Now he served for the match at 5-4. But Connors, screeching and pumped up by the partisan crowd, carried the game to 30—all, whereupon he unleashed four absolutely bloodcurdling blasts, three of them good. Forehand winner off a let cord. His ad. Forehand into the net. Deuce. Backhand winner. Again his ad. Backhand winner for the game. Then bedlam. It was 5-5, then 6-5 Connors as he held serve. At this moment who would have bet against the destiny of this amazing battler, who somehow always manages to win this tournament in even-numbered years?
McEnroe would, that's who. First he held serve for 6—all, forcing the tie-breaker, which in fact was anticlimactic. From 1-2 on serve, Connors slugged a setup volley into the net and then sailed a backhand deep off McEnroe's angled return. "Abortionated points. The two worst points of my life," Connors said. McEnroe served out the match a few minutes into its fifth hour, at once erasing the final Connors legacy at the Open and setting the stage for the confrontation everyone had been waiting for.
On the morrow, of course, Borg and McEnroe disappointed no one except the Australian travel agents lurking about the National Tennis Center. Down Under is where Borg would have journeyed in December for the last leg of the elusive Slam. Now he can stay home for Christmas. And so, too, can McEnroe.
These days the women's draw at the Open seems not so much a tournament as a teen-age slumber party. Two years ago there was 16-year-old Pam Shriver reaching the final. Last year there was 16-year-old Tracy Austin winning the championship. This time the Open had not one but two dumpling queens, Andrea Jaeger, 15, of the Chicago suburb of Lincolnshire, and Hana Mandlikova, 18, of Prague. But most of all the 1980 Open had a sophisticated, slimmed-down, grown-up, married version of all these pixies. She was the original Open prodigy, she of the two-fisted backhand. The measuring stick. The one and only. Chris Evert Lloyd. And, girl, did Chris show everybody! At 25 she's not getting older, she's getting better.
In truth, when Evert Lloyd left the tour at the beginning of the year her game was a shambles, her confidence destroyed. Evert Lloyd knew she couldn't beat Tracy Austin. That talk last January of "needing a rest" didn't wash. Austin not only had stolen away Evert Lloyd's Open title after four straight winning years, but she had also defeated her in Germany and then routed her three times in 11 days on the indoor circuit in the U.S. That was the final blow. Pretty, sexy, well-adjusted, happily married ladies have their competitive fire, too. But this was unbearable. Austin had given up only 10 games in six sets to Evert Lloyd. She had picked apart Chris' game and stripped it bare.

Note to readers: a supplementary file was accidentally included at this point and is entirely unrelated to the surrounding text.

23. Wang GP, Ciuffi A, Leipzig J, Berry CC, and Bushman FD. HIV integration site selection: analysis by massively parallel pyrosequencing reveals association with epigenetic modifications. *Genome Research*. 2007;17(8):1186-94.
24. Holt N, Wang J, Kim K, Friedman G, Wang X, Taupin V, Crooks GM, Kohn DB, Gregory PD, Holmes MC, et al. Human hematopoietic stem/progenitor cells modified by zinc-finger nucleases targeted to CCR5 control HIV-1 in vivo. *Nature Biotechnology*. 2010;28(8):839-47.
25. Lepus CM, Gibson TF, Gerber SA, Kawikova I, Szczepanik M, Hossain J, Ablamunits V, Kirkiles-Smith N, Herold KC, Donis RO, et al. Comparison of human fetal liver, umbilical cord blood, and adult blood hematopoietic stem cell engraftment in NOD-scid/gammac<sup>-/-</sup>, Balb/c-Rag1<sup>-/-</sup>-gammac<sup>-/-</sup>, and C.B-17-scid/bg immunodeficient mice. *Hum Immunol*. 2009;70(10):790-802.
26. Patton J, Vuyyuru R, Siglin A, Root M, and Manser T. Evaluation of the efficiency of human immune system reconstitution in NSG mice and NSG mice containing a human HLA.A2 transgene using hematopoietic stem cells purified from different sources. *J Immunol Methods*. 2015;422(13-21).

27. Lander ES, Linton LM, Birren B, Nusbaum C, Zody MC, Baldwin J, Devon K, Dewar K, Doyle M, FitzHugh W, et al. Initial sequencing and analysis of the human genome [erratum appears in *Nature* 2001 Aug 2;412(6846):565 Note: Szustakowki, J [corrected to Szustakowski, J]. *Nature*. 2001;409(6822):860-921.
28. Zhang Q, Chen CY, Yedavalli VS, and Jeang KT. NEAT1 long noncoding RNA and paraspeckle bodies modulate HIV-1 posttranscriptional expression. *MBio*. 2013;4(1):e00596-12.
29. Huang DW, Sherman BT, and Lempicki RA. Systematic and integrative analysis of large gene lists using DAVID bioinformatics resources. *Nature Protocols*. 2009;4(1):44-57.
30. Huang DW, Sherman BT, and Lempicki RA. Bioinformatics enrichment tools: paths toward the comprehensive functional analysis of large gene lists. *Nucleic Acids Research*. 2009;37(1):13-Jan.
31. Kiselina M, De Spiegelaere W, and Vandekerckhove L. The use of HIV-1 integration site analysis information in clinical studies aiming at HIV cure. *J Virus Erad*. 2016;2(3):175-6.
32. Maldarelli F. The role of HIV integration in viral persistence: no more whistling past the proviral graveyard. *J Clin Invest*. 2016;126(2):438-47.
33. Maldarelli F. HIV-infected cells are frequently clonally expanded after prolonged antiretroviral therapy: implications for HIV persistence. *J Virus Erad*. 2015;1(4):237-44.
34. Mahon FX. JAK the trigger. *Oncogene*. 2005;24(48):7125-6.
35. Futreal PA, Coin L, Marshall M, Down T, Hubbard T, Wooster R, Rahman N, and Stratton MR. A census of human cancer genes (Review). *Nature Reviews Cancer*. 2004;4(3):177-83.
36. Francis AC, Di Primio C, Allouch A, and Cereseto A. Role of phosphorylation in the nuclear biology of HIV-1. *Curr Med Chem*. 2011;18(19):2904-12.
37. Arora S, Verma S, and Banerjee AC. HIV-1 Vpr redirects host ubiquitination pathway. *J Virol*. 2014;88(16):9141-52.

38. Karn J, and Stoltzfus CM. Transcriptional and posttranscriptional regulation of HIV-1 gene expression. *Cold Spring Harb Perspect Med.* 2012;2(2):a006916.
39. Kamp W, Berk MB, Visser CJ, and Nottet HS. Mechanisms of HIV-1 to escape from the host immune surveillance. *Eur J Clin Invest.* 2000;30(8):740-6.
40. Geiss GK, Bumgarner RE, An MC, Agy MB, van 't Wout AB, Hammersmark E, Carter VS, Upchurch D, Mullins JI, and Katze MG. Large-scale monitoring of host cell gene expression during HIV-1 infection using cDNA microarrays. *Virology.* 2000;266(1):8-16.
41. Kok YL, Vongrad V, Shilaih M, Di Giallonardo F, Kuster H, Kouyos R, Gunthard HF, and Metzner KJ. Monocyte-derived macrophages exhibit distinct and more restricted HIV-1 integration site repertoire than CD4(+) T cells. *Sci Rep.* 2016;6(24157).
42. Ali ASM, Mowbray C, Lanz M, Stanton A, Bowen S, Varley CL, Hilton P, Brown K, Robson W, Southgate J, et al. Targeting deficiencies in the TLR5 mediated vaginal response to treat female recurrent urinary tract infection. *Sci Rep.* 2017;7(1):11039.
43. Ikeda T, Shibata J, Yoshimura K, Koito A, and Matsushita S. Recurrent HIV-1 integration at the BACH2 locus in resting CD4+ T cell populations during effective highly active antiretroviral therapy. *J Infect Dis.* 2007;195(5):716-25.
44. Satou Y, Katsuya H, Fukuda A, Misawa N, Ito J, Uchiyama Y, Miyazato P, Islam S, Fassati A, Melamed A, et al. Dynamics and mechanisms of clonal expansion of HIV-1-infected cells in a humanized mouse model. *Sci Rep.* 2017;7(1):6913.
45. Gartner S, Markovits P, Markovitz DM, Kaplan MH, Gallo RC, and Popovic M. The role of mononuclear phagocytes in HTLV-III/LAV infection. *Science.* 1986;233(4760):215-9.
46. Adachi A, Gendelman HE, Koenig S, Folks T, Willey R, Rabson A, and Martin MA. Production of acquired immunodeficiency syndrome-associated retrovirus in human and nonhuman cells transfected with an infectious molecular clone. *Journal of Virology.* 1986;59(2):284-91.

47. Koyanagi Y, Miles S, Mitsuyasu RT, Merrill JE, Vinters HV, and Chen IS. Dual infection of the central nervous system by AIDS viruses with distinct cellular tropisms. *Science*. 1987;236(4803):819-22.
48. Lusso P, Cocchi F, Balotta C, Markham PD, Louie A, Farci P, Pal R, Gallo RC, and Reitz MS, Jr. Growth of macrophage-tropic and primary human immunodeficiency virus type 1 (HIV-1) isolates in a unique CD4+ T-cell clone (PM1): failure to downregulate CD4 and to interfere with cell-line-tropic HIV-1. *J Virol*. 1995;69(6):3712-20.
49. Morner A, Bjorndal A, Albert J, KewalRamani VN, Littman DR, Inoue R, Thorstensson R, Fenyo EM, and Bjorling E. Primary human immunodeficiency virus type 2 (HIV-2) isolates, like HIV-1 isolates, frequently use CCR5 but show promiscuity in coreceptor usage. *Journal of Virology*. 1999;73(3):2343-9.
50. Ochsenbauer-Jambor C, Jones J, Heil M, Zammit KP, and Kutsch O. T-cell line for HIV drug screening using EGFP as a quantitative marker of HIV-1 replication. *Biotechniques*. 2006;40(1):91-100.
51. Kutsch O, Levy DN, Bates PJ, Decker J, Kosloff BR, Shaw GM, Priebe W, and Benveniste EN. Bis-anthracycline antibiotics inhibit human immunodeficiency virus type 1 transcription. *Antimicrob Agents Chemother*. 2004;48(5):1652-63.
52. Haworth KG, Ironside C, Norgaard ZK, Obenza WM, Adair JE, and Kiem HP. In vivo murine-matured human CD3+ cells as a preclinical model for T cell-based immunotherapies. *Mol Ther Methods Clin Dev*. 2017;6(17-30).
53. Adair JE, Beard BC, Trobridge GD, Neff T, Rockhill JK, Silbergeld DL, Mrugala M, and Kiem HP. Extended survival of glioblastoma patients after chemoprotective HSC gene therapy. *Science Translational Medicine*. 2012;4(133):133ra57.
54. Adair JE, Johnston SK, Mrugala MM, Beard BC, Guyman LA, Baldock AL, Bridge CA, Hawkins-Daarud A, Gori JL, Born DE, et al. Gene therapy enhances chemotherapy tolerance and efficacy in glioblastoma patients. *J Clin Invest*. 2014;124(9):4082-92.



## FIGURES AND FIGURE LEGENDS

Little wonder then that as Chris slowly began to lose weight and gain mobility by practicing with her husband, as she reentered the game on her turf, European clay, as she won four tournaments and 40 of 41 matches, losing only to Evonne Goolagong in a letdown final at Wimbledon after beating Navratilova—she dreamed of the day she would get another shot at Austin. To win the U.S. Open, Evert Lloyd thought to herself, I have to beat Tracy. To be No. 1 again, I have to beat Tracy.
On the eve of their looking-glass war in the semifinals Evert Lloyd was a "nervous wreck." She ate little. She was irritable. She told her husband, "I've never wanted a match more." The next day she lost the first four games of that match.
But growing up and hanging on to No. 1 has changed Austin as well; she hits the ball harder, she makes mistakes, she feels it in the throat.
As Evert Lloyd clawed back into the match she noticed Austin's tentative forehand, her proclivity to lob under stress and a notable impatience. "This wasn't the loose player I remembered," Evert Lloyd said.
So the champion bore in, hitting volleys on the run and clearing out the Austin lobs with deft overheads. She worked over Austin's lollipop second serves. She changed the pace and maneuvered her opponent around the court, mixing her up, wrong-footing her, confusing the issue. Then she plugged her machinelike stuff from the backcourt into the corners à la the old Chris.